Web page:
In my discussions with organizations striving to enhance their workforce and foster better employee experiences, one question frequently arises: "How can we create more neurodiverse organizations?" However, the real question that needs to be addressed is quite different.
According to my 2023 study involving over 30,000 workers, data reveals that approximately 1 in 5 workers identifies as neurodivergent, meaning that organizations are naturally neurodiverse. So, the true question isn't about creating more neurodiverse organizations; it's about how you can embrace and support the neurodiversity that already exists within your workforce.
Embracing neurodiversity isn't as daunting as it may seem; it starts with acknowledging its existence. Surprisingly, a March 2023 study conducted by City & Guilds found that only 1 in 4 HR and Senior Leaders in the UK have received training on supporting neurodivergent workers. The situation is even bleaker in the U.S., possibly due to the prevailing "D-first" approach to Diversity, Equity, Inclusion, and Belonging (DEIB). Providing training to your workforce, particularly those involved with hiring and managing employees, is a constructive move towards a more inclusive workplace.
Highlighting the output-focused position of U.S. organizations when it comes to DEIB hiring initiatives, Microsoft, considered a leader in neuroinclusive hiring, boasted a 7.8% disability employment rate in 2022. While commendable, when compared to the 20% of the population identifying as neurodivergent and the 13% of non-institutionalized adults with recognized disabilities in the U.S., there's a still a clear gap in achieving equitable employment. And remember, Microsoft is ahead of the curve when it comes to employers. There is much work to do.
To foster an inclusive and attractive environment for neurodivergent individuals, organizations must rethink their employment process from start to finish. At the top of funnel, here are some key considerations:
Begin by conducting a comprehensive audit of your recruitment, assessment, onboarding, and employment processes. This audit is crucial because ableism, often implicit, remains a significant barrier to achieving true neuroinclusivity within organizations. By scrutinizing each phase of your processes, you can uncover hidden biases and identify areas where inclusivity may be lacking. This step lays the foundation for creating a roadmap to address these gaps effectively.
Rethink Job Requirements: When crafting job descriptions, consider their readability and inclusivity. In a recent study of 1000 job posts on LinkedIn conducted by GBS, we found fewer than one in five job postings on LinkedIn have a Flesh readability score of 60% or higher. Ensure that internal job descriptions, which serve as legal documents, are distinct from external postings to avoid deterring neurodivergent candidates from applying.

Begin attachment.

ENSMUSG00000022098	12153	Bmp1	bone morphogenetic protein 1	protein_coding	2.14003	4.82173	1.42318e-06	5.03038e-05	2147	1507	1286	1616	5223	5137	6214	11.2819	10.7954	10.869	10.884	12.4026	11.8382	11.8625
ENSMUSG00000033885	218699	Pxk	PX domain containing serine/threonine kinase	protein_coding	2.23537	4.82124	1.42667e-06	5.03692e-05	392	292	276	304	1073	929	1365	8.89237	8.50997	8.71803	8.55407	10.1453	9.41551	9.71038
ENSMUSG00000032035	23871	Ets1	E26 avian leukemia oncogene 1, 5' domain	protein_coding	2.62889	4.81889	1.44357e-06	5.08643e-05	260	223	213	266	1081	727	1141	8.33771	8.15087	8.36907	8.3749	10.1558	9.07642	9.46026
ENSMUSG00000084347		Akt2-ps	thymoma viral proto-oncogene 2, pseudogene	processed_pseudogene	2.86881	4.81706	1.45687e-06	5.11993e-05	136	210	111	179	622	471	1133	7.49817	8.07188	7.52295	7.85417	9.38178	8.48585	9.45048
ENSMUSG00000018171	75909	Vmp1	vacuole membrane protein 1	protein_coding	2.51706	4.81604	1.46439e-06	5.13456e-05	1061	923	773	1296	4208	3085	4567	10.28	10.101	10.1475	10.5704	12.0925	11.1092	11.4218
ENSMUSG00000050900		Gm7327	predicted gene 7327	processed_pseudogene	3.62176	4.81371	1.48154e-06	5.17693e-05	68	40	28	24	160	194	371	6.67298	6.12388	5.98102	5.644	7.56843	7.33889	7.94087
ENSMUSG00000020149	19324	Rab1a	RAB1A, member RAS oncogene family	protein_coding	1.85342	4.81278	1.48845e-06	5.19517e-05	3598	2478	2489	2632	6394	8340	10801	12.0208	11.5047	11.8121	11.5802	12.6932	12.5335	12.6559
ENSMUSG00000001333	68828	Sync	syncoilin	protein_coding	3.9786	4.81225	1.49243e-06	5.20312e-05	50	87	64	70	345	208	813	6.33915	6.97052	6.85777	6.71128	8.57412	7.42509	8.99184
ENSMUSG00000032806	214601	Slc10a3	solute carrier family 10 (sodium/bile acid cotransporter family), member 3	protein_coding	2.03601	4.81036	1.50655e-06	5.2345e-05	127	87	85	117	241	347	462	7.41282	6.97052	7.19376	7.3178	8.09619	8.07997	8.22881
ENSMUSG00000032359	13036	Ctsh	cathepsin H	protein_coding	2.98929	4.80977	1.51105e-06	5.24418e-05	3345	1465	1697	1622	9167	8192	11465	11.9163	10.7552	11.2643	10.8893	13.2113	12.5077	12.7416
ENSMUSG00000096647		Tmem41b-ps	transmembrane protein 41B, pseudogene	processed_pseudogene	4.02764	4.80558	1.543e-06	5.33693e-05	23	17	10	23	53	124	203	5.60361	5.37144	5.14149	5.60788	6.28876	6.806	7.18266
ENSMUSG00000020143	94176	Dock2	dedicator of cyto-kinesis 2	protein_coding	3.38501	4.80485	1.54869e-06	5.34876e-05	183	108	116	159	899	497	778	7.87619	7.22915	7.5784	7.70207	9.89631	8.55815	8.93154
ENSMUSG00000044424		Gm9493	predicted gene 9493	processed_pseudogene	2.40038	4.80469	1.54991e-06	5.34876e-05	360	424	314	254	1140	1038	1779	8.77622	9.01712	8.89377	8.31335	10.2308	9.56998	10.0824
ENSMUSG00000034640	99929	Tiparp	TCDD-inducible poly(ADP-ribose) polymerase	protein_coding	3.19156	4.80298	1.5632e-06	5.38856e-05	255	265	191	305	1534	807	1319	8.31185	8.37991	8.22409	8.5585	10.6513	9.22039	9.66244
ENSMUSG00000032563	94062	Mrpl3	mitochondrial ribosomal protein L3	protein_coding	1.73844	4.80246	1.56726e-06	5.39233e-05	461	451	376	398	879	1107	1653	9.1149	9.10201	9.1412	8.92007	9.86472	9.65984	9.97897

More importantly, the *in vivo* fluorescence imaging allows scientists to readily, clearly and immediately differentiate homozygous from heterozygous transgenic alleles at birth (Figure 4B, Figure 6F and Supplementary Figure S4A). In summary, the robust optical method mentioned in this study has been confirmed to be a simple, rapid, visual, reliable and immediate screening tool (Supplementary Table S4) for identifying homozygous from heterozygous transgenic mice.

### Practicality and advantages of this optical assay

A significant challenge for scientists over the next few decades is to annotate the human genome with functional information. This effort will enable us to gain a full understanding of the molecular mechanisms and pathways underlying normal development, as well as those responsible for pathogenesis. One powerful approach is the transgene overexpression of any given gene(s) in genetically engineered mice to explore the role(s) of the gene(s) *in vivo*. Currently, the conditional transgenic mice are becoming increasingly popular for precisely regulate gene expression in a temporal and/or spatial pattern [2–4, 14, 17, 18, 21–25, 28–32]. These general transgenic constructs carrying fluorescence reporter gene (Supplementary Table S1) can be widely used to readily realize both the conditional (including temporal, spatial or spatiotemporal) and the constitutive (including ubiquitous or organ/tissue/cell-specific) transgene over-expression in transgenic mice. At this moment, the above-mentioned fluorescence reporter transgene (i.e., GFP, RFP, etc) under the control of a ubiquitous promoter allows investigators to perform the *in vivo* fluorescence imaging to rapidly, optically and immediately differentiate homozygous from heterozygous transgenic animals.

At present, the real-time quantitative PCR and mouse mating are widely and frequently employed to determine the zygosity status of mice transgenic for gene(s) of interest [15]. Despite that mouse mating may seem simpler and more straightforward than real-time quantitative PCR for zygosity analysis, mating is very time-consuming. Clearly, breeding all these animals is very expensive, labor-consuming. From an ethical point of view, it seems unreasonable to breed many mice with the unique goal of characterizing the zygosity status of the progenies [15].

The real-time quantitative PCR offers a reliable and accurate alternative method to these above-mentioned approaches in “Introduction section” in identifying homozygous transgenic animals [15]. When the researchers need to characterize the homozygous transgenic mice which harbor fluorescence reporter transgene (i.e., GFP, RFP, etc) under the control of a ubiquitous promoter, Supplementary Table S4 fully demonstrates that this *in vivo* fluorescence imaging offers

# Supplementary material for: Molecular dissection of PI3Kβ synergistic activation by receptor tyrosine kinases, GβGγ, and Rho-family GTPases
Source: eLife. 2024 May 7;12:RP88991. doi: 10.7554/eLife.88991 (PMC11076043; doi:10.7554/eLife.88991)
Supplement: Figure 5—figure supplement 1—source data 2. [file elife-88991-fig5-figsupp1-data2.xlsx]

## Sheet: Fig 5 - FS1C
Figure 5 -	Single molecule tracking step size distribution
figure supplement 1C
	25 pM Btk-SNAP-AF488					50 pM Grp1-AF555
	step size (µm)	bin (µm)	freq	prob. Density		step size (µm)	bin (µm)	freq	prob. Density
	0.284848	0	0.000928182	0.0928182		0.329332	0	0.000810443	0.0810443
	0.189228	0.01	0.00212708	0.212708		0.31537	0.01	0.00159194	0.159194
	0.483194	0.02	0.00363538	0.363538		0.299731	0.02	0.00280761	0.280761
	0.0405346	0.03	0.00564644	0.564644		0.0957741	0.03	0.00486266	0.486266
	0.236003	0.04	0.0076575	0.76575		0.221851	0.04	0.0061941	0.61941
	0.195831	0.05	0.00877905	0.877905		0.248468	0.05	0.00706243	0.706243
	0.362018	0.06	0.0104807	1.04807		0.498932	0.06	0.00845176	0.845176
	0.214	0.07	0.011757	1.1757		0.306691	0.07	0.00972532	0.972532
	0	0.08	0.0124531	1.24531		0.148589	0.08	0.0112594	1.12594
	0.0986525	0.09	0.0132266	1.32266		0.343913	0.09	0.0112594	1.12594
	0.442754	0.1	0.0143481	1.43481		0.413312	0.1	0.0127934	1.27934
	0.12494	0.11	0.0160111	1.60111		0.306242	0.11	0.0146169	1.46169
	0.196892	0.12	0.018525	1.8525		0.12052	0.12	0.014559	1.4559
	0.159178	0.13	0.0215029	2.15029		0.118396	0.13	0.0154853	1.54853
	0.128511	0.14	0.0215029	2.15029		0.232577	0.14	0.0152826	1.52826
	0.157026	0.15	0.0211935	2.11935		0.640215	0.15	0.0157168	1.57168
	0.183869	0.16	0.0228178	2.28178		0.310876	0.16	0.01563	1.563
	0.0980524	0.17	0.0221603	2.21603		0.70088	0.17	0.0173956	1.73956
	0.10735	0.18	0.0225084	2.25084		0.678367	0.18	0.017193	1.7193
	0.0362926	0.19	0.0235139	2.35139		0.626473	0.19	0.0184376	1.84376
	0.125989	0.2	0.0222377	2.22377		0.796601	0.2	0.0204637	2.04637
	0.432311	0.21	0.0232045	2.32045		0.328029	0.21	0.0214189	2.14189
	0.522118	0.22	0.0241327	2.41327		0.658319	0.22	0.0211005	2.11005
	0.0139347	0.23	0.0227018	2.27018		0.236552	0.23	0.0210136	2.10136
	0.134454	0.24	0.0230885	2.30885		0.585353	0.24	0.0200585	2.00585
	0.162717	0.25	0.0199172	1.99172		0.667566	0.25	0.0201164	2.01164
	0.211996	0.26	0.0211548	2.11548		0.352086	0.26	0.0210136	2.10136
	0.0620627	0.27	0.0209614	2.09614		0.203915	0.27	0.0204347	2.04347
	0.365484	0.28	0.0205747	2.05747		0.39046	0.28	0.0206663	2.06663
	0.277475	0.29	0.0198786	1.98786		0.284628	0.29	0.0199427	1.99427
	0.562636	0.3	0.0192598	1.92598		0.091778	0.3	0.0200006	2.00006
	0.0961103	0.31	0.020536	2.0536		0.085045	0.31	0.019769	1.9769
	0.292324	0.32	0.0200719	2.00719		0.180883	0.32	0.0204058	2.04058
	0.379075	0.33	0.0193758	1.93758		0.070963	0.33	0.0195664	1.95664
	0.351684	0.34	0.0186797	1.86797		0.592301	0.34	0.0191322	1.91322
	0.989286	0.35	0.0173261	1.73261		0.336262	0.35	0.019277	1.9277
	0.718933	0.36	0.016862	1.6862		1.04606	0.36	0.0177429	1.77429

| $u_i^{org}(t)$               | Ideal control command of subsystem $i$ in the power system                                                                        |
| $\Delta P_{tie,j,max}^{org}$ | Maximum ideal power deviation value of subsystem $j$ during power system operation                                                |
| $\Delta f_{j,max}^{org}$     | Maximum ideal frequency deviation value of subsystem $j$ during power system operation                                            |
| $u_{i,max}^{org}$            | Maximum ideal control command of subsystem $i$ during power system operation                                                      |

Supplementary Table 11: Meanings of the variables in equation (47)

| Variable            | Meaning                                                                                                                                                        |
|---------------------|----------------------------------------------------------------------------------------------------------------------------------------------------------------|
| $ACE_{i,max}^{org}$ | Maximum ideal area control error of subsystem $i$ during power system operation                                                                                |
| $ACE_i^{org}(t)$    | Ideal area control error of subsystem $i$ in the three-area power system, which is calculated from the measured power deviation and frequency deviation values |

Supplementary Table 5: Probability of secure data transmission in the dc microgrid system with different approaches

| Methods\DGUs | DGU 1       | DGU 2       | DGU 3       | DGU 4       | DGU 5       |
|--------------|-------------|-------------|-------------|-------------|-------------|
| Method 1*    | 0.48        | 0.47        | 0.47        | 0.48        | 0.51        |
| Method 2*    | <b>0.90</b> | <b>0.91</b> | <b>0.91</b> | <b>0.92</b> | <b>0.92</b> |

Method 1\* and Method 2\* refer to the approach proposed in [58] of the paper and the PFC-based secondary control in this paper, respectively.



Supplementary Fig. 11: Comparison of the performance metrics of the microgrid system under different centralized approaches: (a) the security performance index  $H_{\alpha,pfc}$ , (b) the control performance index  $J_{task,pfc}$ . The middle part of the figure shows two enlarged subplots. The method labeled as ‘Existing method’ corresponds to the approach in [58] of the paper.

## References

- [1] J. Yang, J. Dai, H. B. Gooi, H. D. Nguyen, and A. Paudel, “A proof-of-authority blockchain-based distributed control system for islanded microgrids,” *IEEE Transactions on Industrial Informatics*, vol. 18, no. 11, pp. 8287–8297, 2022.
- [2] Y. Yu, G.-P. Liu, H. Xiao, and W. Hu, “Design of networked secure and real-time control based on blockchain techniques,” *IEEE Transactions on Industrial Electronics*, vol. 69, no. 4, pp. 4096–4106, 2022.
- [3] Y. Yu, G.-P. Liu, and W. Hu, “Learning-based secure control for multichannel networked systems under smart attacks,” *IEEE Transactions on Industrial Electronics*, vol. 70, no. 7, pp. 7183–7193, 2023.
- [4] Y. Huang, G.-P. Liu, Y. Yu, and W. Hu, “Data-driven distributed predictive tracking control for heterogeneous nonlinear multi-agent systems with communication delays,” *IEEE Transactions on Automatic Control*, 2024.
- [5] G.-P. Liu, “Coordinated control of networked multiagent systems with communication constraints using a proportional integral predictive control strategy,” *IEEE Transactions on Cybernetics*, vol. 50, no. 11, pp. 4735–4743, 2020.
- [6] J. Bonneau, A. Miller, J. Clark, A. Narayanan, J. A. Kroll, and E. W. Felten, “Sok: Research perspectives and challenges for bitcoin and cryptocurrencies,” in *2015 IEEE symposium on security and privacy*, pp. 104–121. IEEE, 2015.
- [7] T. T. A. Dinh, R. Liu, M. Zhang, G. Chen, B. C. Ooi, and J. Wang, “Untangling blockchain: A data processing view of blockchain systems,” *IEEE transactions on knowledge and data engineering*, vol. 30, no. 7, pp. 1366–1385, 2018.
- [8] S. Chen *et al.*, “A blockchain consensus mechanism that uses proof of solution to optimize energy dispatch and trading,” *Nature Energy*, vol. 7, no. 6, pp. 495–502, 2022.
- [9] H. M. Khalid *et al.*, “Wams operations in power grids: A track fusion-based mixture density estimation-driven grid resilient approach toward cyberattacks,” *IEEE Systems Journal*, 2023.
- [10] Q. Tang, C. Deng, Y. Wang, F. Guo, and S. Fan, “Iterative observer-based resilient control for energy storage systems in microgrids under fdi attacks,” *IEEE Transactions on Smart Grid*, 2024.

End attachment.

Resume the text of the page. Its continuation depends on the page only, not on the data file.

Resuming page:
To enhance neurodivergent talent attraction, set a goal to improve the readability score of your job postings. Using clear, easy-to-understand language presented in reader-friendly fonts benefits everyone, making your information more accessible to a broader pool of candidates.
Rewrite Those Job Postings: To achieve your readability goal, partner with external experts or use tools like Grammarly with readability scoring and inclusive job language checkers such as Uinclude. By enlisting external support or utilizing these resources, you can craft job descriptions that resonate with neurodivergent talent. Investing in inclusive language and clear communication is a step towards fostering an accessible and inviting environment.
Inform and Educate Prospective Employees: Well-informed candidates contribute to a better experience for everyone involved. Consider providing candidates with insights into each stage of the recruitment process. For example, sharing interview questions in advance can reduce anxiety, benefit those with atypical communication styles or language processing disorders, and lead to more meaningful interactions. Transparency throughout the process ensures that candidates are well-prepared and comfortable.
Rethink Possible in Recruitment: Think creatively about your recruitment process and challenge existing norms. Consider eliminating inefficient practices that neither benefit the candidate nor the organization. Some areas for improvement may include the volume-centric application phase, assessments that don't align with role requirements, and rigid interview structures. The process often prioritizes organizational needs over candidates' requirements. By adopting a candidate-centric approach, you can genuinely rethink the recruitment process, making it more equitable and attractive.
Ultimately, value is defined by your customers, both internal and external. Many organizations primarily serve their internal customers, focusing on their processes. To truly serve external customers, including neurodivergent candidates, it's crucial to understand and address their needs. This shift from internal-centricity to a candidate-centric perspective is the key to moving beyond lip-service diversity efforts and fostering genuine neuroinclusivity.
Embracing neurodiversity isn't just a goal; it's a journey toward a more inclusive and equitable workplace for all. For those ready to transform their organizations into inclusive workplaces for their already neurodiverse teams, if you have questions - let's talk! I'm always here to chat and willing to help.